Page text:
As an ode to Iyerâ€™s tasteful impact, sample these books that have shaped the perception of Indian food in America.
Indian American chef Raghavan Iyer breathed his last on March 31 at the age of 61 after fighting cancer for five years. Iyer, who arrived in America in 1982 to study at the Southwest Minnesota State University, has contributed more towards the awareness of Indian cuisine in the United States than any other food expert in recent times.
A prolific author, Iyer wrote more than half a dozen books on Indian cuisine. In many ways, his books published during the early 2000s were the first informed introduction to Indian cooking for many Americans.
Remembering Iyer and the tasteful impact he has left on the history of immigrant food in the West, here are some recommendations for his works that have in many ways shaped the perception of Indian food in America.
Whether you are a foodie or not, his rare insights into Indian flavors and ingredients is bound to leave you more well-informed about ethnic food and how it plays an important role in shaping migrant identities. Order the books online or scour your local libraries, because there can be no other more delicious way to spend the upcoming long weekend!
Betty Crockerâ€™s Indian Home Cooking
This was Iyerâ€™s first book published back in 2001. Betty Crocker collaborated with Iyer to bring a book that featured some of the simplest yet rich in historical context dishes from Indian cuisine.
The book is like a pilgrimage to India where the spices and the style that form regional Indian cooking come together to give a kaleidoscopic view of this land bursting with flavors and ingredients.
Every dish has layers of history, culture and tradition that are waiting to be unfolded to give a glimpse on how the world until then hadnâ€™t even begun scratching the surface of this mammoth gourmet journey laying within India.
Iyer does not hold back and shares anecdotes from his years of growing up while soaking in the sights, smells and stories behind Indian food.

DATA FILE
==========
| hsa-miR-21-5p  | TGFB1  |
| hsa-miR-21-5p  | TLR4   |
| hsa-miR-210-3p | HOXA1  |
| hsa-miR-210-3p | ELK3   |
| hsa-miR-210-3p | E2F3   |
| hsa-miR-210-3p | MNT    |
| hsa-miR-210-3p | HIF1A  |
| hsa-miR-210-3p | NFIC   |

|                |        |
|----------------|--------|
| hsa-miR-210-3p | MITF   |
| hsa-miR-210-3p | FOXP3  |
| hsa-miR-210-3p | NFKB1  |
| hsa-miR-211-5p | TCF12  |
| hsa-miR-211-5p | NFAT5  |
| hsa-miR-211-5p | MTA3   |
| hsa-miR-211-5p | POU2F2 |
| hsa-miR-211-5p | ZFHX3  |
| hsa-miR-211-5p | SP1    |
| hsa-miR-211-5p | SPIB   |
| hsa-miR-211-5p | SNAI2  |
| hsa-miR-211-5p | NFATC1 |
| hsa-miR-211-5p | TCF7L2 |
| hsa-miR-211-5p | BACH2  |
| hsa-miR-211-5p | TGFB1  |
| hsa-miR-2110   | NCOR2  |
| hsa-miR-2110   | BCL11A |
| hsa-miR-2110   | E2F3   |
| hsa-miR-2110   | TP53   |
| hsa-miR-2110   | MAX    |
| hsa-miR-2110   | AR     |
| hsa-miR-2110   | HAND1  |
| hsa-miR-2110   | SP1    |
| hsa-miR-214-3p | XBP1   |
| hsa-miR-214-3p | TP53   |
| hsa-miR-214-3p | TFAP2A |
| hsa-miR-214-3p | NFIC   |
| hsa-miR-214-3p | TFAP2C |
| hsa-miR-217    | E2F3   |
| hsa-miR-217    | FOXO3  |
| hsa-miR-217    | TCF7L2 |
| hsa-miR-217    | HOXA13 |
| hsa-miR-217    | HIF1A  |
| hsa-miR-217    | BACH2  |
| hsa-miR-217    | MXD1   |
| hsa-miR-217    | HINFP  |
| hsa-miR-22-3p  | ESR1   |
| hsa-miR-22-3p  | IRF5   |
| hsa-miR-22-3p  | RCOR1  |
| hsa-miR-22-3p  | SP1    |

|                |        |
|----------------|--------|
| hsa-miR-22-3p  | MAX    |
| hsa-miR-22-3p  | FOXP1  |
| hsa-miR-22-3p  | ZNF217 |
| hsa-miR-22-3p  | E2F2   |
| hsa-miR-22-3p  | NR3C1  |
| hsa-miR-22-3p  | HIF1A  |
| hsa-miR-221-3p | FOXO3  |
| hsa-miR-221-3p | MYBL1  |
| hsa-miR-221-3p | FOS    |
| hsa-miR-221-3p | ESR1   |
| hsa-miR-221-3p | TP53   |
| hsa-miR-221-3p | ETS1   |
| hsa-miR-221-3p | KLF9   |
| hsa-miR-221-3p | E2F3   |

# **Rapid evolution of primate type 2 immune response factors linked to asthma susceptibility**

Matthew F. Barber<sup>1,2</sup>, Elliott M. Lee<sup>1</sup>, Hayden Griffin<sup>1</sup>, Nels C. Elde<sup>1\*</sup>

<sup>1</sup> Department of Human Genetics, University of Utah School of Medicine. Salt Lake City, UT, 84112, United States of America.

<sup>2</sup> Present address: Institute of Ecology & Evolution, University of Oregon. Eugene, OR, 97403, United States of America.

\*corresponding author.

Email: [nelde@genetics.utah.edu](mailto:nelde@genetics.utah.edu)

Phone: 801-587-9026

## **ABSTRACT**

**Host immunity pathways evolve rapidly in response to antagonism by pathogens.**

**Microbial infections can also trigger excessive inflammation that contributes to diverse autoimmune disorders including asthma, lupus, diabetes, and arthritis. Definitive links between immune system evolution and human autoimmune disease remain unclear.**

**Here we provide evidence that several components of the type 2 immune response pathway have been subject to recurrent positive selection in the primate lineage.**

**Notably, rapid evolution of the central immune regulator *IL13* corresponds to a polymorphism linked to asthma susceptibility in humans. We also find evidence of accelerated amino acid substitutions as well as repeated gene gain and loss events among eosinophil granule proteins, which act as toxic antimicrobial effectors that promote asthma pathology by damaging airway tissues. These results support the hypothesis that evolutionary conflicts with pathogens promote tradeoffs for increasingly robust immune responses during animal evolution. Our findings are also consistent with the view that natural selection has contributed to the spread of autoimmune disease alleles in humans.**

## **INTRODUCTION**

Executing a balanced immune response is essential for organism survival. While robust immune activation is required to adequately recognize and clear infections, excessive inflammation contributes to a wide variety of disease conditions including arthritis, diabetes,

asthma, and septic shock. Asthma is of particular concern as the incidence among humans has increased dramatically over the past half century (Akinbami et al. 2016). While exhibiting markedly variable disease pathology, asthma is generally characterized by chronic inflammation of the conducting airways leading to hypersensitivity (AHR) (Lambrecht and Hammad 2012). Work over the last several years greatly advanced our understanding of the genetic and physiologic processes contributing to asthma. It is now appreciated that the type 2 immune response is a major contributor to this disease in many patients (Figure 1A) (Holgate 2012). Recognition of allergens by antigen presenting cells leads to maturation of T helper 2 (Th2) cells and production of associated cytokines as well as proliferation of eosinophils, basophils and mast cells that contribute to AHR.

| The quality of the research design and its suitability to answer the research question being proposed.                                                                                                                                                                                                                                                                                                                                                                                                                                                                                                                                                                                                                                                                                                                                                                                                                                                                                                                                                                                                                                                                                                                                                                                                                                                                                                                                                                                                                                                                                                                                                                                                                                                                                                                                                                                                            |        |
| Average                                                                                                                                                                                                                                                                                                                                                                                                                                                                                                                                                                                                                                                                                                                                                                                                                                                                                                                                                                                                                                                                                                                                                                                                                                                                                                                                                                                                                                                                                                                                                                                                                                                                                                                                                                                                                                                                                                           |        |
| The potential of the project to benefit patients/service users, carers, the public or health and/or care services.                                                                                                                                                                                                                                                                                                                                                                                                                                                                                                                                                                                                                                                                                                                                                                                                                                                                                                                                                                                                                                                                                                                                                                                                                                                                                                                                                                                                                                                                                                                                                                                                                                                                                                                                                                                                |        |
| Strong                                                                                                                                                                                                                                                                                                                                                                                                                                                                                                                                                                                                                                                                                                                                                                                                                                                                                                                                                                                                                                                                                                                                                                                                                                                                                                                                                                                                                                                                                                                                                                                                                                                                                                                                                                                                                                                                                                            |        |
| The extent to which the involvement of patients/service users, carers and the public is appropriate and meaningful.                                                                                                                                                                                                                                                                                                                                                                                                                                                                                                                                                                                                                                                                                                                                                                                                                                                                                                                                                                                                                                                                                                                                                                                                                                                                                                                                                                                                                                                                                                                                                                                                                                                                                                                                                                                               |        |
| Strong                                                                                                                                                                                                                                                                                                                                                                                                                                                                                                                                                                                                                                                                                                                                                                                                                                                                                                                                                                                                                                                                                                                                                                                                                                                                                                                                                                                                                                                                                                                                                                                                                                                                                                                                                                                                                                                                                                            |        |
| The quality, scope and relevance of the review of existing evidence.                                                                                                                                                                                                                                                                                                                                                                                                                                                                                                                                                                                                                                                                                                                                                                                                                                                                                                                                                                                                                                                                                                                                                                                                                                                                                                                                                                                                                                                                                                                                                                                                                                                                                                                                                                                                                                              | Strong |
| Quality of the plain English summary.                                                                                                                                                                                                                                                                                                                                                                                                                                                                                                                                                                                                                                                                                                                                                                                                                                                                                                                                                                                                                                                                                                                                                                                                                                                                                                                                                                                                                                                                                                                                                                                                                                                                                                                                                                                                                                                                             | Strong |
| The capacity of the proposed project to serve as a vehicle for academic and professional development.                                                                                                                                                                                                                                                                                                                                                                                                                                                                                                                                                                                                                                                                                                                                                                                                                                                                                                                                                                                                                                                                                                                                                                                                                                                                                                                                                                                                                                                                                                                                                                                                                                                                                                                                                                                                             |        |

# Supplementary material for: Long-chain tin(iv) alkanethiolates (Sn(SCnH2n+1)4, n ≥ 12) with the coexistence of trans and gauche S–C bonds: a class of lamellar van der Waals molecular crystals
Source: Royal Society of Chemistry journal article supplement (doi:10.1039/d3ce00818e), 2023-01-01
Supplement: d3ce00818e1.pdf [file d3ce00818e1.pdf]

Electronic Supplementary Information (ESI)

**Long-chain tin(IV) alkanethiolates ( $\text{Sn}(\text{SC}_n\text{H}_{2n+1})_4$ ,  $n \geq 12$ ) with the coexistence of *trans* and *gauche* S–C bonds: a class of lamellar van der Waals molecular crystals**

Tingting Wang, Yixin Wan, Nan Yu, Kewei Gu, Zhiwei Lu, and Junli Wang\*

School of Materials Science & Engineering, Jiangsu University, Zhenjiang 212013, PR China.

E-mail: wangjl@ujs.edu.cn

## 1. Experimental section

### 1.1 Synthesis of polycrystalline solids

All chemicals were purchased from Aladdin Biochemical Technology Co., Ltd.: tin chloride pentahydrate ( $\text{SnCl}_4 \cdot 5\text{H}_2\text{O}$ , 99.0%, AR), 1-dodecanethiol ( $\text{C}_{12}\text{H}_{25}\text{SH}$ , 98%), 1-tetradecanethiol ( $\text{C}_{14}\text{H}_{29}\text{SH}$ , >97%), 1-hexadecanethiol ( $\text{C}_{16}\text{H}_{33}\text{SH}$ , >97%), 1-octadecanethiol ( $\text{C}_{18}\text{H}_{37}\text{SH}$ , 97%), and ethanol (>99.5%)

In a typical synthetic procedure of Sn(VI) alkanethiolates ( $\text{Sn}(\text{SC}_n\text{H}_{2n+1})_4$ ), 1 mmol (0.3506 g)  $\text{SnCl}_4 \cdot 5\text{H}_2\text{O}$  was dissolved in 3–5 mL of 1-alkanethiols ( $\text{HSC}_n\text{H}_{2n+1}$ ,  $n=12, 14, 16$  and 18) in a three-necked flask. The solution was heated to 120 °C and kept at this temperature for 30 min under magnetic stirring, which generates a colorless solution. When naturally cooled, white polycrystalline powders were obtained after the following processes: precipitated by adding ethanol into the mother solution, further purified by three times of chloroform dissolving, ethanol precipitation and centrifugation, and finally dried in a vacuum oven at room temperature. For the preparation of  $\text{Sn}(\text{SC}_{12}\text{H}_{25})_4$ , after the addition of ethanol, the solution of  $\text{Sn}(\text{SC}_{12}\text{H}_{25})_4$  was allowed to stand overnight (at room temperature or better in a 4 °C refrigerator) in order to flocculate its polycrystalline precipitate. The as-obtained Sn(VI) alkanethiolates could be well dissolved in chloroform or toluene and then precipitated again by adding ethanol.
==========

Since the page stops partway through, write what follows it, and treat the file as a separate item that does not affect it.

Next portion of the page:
The Turmeric Trail: Recipes and Memories from an Indian Childhood
Long before Turmeric gummies became the â€˜itâ€™ thing for health savvy Americans who discovered its anti-inflammatory and cancer-fighting properties, Iyer shone the spotlight on this golden spice.
A staple in Indian cuisine, the book offers a rare collection of some of the iconic South Indian dishes explained in such a simple way that even a kitchen newbie can cook.
The book is interspersed with stories, valuable insights and simpleton food like â€“ ginger tea, an unassuming but potent Indian drink that is as classic as it gets. Read it for nostalgia and a love of food.
660 Curries: The Gateway to Indian Cooking
Published in 2008, the book as its title suggests literally opened a new gateway of information towards how the west viewed curry.
The initial waves of migration in America did bring along with it the quintessential ethnic cuisine but in absence of a learned exchange of real Indian cooking, the curry gained its recognition as a spicy, cheap take-away food.
Iyerâ€™s book effectively demystifies the versatility of curry in Indian cuisine. It was perhaps the first time ever that western food aficionados discovered the limitless possibilities of curry â€” from grilled chicken curry to asparagus and tomato crumbled paneer curry to tamarind Shrimp and coconut milk curry.
The book serves as a delicious eye-opener into the world of curries, which was up until then relegated to imperfectly prepared tomato-laden, greasy butter chicken curry that was being passed off as Indian food.